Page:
The pipeline threatens more than Tennessee’s natural beauty and abundant wildlife

There are many other reasons why we should protect this land from gas buildup. The proposed pipeline would be only about one mile from our region’s cultural sites like the Promise Land Heritage Area and the historic community of Cumberland Furnace – areas that are home to more than 20 historic sites, including churches, schools , cabins, a commissary and even a train depot. There are also several Century Farms that are directly on the pipeline route. Kinder Morgan’s plans would place many historic lots and homes in the impact zone or vent zone of the methane gas pipeline, leaving them vulnerable to leaks and deadly explosions.

One of many historic properties near the pipeline route in Dickson County, Tennessee. Photo by Angela Mummaw

Many residents and businesses along the pipeline route, such as Highland Rim Headstart Preschool and the Houston County Jail, would be at risk from leaks, explosions and pollution because they are located in the area. impact of the methane gas pipeline. The pipeline will pass through rural areas far removed from local fire departments, leaving many people more vulnerable in the event of an explosion.

The proposed pipeline will only be needed if the Tennessee Valley Authority decides to replace the coal-fired Cumberland City Fossil Plant with two methane-fired units – a gas build that would force the community of Cumberland City to put up with more pollutants from the coal. water and air, while only providing a fraction of long-term jobs that clean energy alternatives could provide. Additionally, the reliance on fracked gas could further increase the energy burden of low-income residents, not just in Cumberland City, but throughout the Tennessee Valley. TVA has already significantly increased its electricity bills this year — this trend would continue if gas accumulation were approvedleaving the community burdened with increased pollution, fewer jobs and higher electricity bills.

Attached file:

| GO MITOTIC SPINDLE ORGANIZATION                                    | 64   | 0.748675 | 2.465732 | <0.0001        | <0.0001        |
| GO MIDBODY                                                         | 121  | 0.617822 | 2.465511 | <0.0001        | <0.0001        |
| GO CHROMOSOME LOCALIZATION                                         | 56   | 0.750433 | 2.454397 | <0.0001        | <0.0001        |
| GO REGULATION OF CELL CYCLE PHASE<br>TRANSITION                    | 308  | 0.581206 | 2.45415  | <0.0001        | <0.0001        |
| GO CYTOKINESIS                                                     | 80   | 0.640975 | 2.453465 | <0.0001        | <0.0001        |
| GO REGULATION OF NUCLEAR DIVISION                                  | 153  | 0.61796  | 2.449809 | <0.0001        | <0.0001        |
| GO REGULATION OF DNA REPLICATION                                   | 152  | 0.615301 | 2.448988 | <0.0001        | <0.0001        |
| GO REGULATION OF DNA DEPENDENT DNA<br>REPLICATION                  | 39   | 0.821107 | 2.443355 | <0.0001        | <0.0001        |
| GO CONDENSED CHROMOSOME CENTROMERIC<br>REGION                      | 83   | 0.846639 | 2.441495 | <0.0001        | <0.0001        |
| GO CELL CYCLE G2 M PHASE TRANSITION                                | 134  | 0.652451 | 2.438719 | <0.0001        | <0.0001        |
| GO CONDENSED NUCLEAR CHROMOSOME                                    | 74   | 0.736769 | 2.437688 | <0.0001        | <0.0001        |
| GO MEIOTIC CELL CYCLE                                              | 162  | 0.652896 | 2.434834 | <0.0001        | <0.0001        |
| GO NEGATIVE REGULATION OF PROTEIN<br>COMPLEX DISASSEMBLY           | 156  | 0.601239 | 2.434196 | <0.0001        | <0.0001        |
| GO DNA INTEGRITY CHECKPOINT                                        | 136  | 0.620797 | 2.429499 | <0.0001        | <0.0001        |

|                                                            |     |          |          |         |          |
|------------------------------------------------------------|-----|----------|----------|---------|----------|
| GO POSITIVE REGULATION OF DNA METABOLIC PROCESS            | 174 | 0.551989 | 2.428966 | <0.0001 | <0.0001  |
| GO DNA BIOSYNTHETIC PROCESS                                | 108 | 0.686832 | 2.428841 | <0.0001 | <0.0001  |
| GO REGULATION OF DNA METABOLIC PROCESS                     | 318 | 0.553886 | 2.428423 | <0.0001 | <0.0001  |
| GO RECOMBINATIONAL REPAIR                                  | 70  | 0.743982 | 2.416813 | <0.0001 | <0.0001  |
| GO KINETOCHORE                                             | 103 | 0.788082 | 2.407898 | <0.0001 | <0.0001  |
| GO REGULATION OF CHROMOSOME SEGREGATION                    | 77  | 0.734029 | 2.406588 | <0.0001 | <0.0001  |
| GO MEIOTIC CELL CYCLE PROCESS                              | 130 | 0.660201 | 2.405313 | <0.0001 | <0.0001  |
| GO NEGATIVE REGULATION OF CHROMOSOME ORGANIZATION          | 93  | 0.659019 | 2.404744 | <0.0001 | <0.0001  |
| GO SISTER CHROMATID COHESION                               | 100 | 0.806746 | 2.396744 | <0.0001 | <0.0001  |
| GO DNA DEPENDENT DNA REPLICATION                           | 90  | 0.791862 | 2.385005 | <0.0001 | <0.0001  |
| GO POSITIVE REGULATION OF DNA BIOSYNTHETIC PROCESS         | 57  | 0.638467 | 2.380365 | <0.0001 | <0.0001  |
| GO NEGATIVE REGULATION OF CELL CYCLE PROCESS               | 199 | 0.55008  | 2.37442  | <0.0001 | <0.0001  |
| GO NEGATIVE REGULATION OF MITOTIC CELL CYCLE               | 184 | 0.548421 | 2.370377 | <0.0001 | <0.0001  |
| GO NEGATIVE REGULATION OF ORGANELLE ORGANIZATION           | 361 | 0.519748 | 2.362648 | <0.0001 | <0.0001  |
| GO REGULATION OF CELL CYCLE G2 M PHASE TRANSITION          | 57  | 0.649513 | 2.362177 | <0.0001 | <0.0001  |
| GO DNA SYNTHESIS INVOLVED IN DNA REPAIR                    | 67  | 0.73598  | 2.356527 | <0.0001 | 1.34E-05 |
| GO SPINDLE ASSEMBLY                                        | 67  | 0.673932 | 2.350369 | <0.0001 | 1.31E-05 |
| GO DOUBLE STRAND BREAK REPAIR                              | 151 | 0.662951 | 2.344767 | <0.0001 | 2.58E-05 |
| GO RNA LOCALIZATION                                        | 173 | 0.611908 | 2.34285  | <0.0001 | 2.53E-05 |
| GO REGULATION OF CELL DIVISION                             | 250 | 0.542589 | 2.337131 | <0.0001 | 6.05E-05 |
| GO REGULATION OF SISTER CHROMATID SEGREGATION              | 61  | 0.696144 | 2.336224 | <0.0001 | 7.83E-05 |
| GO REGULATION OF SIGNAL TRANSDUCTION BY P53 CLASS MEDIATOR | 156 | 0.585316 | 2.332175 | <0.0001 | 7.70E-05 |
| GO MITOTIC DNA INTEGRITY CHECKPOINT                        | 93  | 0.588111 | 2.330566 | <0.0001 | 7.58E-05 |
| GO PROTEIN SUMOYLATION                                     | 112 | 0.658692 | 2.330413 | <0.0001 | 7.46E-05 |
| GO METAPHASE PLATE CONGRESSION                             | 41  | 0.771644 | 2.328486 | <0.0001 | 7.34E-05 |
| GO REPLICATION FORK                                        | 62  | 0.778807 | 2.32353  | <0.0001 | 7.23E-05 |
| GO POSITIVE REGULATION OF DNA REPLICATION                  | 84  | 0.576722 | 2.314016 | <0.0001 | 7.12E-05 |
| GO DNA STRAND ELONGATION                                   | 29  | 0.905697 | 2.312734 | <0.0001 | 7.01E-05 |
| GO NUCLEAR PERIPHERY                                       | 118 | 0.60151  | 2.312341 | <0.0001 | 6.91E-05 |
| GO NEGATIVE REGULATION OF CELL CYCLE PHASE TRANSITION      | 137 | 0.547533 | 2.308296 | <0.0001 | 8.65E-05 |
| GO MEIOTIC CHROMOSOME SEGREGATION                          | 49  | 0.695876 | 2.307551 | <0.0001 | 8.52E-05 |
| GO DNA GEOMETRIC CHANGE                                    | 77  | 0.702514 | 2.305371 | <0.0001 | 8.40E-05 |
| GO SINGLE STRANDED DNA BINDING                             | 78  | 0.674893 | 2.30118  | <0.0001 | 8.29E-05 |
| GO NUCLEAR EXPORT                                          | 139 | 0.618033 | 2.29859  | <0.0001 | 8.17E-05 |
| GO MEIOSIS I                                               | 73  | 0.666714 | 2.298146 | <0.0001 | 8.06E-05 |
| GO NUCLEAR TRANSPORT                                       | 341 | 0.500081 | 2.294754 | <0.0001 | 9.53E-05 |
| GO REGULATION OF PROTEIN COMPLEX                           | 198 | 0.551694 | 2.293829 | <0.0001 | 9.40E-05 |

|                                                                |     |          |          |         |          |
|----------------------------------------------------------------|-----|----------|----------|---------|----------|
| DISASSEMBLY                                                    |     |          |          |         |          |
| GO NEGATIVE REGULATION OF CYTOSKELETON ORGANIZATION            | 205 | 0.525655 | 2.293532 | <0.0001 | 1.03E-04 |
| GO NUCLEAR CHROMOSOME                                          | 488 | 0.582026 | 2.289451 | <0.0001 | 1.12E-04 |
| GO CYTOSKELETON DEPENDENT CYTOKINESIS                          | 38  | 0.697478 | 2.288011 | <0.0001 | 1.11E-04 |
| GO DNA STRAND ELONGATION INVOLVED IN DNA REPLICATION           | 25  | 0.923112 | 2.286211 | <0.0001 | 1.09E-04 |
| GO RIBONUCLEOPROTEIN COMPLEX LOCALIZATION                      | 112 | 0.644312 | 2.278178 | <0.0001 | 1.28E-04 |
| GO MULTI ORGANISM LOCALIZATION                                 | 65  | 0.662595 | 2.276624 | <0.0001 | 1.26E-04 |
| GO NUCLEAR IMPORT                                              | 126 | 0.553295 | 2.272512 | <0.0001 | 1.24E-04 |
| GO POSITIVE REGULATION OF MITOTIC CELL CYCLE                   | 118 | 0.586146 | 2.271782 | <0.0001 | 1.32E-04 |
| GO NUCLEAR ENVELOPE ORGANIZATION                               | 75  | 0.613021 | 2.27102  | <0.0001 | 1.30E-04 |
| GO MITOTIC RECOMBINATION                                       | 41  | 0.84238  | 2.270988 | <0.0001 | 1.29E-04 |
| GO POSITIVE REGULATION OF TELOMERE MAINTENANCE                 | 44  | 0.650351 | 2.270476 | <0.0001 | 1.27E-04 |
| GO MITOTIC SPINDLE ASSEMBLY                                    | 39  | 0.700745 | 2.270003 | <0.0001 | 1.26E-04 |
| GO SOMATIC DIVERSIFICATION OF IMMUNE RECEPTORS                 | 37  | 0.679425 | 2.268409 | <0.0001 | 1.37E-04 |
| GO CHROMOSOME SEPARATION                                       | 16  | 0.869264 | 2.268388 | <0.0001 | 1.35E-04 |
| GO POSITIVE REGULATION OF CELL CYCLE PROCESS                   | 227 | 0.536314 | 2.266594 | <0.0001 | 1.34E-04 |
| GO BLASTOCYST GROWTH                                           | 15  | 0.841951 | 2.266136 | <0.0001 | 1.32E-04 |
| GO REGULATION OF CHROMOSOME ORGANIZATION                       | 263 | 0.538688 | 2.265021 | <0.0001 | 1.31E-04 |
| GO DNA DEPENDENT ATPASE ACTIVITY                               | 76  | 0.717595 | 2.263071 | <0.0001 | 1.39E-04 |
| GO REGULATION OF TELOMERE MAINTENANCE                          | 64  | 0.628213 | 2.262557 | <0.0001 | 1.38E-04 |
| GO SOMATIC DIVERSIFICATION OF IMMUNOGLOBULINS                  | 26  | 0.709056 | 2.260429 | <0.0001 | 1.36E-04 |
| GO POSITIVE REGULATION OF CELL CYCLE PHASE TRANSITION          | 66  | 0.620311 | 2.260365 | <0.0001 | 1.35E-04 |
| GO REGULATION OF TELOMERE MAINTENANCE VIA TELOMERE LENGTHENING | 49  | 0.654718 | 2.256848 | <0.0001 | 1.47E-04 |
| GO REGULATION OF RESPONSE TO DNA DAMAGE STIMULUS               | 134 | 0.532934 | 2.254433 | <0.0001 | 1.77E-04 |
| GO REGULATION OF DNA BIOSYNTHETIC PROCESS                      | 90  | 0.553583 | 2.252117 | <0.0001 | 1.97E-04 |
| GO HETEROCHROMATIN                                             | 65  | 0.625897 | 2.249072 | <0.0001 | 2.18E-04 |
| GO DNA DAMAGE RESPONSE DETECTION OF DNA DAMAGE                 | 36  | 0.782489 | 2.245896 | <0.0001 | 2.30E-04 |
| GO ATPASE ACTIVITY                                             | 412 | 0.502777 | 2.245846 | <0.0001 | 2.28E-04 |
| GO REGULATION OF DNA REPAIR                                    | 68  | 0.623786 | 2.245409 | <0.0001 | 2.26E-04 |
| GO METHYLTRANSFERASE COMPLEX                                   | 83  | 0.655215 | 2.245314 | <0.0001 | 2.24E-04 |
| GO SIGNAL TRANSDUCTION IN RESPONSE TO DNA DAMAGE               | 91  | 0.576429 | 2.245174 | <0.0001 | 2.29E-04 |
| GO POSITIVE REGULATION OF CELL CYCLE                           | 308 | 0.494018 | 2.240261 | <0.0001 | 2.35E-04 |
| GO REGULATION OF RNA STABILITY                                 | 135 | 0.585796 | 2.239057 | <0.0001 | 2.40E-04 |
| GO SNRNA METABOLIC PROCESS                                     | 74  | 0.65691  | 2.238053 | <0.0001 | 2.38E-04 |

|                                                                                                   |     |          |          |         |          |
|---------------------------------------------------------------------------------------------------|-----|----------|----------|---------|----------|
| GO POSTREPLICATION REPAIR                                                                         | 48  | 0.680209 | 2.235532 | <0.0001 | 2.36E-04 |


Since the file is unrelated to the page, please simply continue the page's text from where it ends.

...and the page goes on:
The pipeline project would only supply gas to the Cumberland City Fossil Plant, which TVA wants to replace with gas-fired units, even though the U.S. Environmental Protection Agency raised serious concerns on the VAT proposal. The installation of a methane gas pipeline and the construction of two gas units is a step in the wrong direction when we should be making considerable progress in tackling the climate crisis. Trading one fossil fuel for another doesn’t make sense, especially when methane is a greenhouse gas 80 times more potent than carbon dioxide.

There are other clean, renewable options to consider that are sustainable, safer, and more environmentally friendly. With clean energy replacements readily available for the City of Cumberland plant, a new pipeline is not needed.

If you would like to get involved in stopping this harmful pipeline proposal, contact Angie Mummaw at [email protected]